From the Book of Revelation:

Let the evildoer still do evil, and the filthy still be filthy, and the righteous still do right, and the holy still be holy

(From the Daily Office Lectionary – Revelation 22:11 (NRSV) – November 22, 2013.)

The Lovers by Rene MagritteToday is the 50th anniversary of the assassination of President John F. Kennedy. Like everyone who was even marginally grown up or conscious on that day, I know exactly where I was and what I was doing when it happened. It is one of those moments in time that are surreal in their clarity.

This verse from the Book of Revelation randomly and coincidentally shows up in the Daily Office Lectionary today. It strikes me as equally surreal. This is Jesus talking, Jesus ascended to heaven, Jesus the Incarnation of God, Jesus the Second Person of the Trinity, Jesus speaking from his heavenly throne, Jesus who in a verse or two will say, “I am the Alpha and the Omega, the first and the last, the beginning and the end.” (v. 13) What can it mean that Jesus says to “Let the evildoer still do evil, and the filthy still be filthy?” Doesn’t that run contrary to everything that he taught and lived on earth? What?

Anyone who knows me is aware that I have a streak of weirdness a mile wide. I love theater of the absurd (Eugene Ionesco and Samuel Beckett are among my favorite playwrights) and surrealist art (give me Salvador Dali and Rene Magritte over the “old masters” any day). That’s why I love the Book of Revelation.

I don’t love it in the way the folks that preach the Rapture and the Tribulation love it. I don’t love it in the way the authors of the Left Behind novels love it. I don’t love it in the way that people who predict the end of the world love it. I think are that is theological nonsense . . . or, more accurately, theological bullshit.

No, I love Revelation for the same reason I love absurdist theater and surrealism. There’s an old saw about random chance that if you put a bunch of monkeys in a room with a bunch of typewriters they would eventually produce the works of Shakespeare. I think if you put Ionesco, Beckett, Magritte, and Dali in a room together and told them to write something about the destruction and fall of the Roman Empire, they might come up with the Book of Revelation . . . .

Throughout my life, I have collected oddball memories that I keep saying I am going to put into a great novel, and I keep collecting potential titles for that novel – things people say or do that, heard out of context, challenge reality. Here are some of my potential titles:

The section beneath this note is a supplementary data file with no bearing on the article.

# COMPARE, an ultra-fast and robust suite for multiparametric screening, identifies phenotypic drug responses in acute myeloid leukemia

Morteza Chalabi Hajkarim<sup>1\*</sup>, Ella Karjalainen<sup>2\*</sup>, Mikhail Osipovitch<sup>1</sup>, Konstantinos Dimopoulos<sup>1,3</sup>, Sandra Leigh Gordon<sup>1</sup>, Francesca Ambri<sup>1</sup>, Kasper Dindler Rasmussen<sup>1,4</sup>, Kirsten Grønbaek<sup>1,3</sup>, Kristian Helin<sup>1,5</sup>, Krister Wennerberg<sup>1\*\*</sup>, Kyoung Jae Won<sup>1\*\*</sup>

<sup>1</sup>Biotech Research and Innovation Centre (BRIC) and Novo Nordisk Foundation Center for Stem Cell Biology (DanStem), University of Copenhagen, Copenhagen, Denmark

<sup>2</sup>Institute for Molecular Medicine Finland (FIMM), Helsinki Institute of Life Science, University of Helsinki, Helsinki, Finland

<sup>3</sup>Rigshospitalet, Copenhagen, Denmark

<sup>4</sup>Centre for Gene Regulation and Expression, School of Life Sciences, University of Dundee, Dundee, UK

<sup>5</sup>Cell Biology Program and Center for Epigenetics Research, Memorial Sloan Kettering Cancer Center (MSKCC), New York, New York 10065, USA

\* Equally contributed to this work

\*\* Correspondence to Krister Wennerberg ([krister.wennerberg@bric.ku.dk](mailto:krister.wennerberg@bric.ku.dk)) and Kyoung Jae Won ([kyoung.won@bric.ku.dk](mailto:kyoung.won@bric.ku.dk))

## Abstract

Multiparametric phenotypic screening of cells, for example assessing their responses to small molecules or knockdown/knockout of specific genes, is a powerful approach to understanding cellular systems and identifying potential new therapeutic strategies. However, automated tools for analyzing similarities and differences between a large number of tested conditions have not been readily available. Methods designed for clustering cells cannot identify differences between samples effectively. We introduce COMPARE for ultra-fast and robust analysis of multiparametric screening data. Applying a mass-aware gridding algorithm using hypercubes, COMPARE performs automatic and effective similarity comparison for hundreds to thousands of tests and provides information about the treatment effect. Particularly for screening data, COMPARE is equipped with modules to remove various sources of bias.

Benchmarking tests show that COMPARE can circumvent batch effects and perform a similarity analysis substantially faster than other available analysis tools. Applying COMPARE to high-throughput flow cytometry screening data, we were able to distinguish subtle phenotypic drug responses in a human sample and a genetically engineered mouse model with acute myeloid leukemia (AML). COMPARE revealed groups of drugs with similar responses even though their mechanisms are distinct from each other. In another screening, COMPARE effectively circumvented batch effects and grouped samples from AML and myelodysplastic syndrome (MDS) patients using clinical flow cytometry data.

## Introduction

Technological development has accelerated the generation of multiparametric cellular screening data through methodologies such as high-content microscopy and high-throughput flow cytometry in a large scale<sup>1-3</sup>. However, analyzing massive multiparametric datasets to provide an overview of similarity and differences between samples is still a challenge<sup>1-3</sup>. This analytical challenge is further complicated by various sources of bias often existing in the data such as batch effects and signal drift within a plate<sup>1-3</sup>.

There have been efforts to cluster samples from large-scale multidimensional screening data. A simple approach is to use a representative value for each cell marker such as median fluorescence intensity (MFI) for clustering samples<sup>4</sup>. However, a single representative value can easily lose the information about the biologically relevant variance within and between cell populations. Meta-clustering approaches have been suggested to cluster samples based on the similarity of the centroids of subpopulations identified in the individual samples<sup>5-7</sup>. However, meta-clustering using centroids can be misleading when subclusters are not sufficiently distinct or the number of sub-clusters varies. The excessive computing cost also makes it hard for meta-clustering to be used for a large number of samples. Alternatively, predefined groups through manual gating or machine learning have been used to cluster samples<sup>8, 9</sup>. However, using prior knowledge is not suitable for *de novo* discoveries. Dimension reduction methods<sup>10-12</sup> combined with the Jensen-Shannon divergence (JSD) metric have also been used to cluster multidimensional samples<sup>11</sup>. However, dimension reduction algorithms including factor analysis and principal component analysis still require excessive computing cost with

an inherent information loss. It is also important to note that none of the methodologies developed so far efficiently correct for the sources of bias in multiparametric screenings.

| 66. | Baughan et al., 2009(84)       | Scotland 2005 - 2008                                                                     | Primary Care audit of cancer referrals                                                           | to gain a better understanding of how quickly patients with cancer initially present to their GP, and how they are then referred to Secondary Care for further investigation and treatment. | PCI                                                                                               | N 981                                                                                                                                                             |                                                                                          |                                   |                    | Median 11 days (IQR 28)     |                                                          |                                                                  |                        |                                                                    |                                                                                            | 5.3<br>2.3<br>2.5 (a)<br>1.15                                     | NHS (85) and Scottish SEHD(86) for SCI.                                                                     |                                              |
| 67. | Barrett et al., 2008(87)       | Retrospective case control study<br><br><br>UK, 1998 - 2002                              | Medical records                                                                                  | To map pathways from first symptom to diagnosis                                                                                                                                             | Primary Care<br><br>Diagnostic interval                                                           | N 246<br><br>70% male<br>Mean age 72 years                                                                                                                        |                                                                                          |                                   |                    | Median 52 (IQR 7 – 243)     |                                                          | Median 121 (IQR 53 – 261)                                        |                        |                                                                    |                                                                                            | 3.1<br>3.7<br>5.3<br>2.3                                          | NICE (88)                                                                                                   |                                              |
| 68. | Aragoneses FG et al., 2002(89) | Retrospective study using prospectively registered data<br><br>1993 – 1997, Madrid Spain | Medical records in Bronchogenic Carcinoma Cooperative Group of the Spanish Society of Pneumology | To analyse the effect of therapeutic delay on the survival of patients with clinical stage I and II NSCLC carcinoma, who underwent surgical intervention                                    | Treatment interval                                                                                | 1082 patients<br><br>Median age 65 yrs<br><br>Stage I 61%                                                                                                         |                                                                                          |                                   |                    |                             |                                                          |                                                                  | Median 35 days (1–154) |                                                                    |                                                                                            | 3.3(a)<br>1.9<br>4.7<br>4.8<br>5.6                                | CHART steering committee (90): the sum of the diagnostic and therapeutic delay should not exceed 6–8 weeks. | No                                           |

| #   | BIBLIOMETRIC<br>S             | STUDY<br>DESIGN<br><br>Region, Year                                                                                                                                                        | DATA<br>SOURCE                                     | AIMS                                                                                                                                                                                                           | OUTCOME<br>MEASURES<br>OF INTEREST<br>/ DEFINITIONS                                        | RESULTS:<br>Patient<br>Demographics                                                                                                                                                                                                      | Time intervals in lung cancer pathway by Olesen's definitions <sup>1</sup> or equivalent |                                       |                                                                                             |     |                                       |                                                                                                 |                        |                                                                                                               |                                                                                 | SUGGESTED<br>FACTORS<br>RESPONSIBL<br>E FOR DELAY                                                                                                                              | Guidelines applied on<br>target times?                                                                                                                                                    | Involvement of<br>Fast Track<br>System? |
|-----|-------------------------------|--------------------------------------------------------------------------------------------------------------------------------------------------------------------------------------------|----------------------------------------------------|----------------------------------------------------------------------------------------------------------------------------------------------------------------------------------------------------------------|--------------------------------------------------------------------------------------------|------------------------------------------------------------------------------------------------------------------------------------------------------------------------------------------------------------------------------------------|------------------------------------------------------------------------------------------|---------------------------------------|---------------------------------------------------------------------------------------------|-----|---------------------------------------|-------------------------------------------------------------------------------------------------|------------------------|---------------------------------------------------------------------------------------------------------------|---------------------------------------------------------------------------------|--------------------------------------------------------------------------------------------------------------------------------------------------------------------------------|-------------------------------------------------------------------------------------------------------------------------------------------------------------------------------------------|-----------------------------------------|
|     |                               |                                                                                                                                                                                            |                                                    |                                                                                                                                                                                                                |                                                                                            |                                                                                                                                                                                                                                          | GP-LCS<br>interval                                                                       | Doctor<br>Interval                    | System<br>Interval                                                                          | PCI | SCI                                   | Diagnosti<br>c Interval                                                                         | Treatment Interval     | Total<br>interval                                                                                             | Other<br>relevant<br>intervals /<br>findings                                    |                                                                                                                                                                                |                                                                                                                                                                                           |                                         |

“Hello spelled backwards is sweet roll.”

“Before you sink the Bismark, I need to brush my teeth.”

“My only regret was bronzing the kangaroo.”

Sorting cat food in the nude

This thing that John of Patmos says Jesus said seems to me to rank right up there with these potential titles. Like anything surrealistic, this admonition of the Risen and Ascended Christ to “let the evildoers do evil and let the filthy be filthy” challenges our perceptions of reality; it demands that we resolve contradictory perceptions. It demands that we make choices. It demands that we decide which group we are going to be in — the evildoers and the filthy, or the righteous and the holy. It demands that we change.

With surreal clarity, I remember exactly where I was and what I was doing when John F. Kennedy was killed. It was an event that awakened and transformed a nation. The Book of Revelation with surreal clarity demands that we awaken and transform ourselves . . . before we sink the Bismark or bronze the kangaroo.


A request to my readers: I’m trying to build the readership of this blog and I’d very much appreciate your help in doing so. If you find something here that is of value, please share it with others. If you are on Facebook, “like” the posts on your page so others can see them. If you are following me on Twitter, please “retweet” the notices of these meditations. If you have a blog of your own, please include mine in your links (a favor I will gladly reciprocate). Many thanks!


Father Funston is the rector of St. Paul’s Episcopal Church, Medina, Ohio.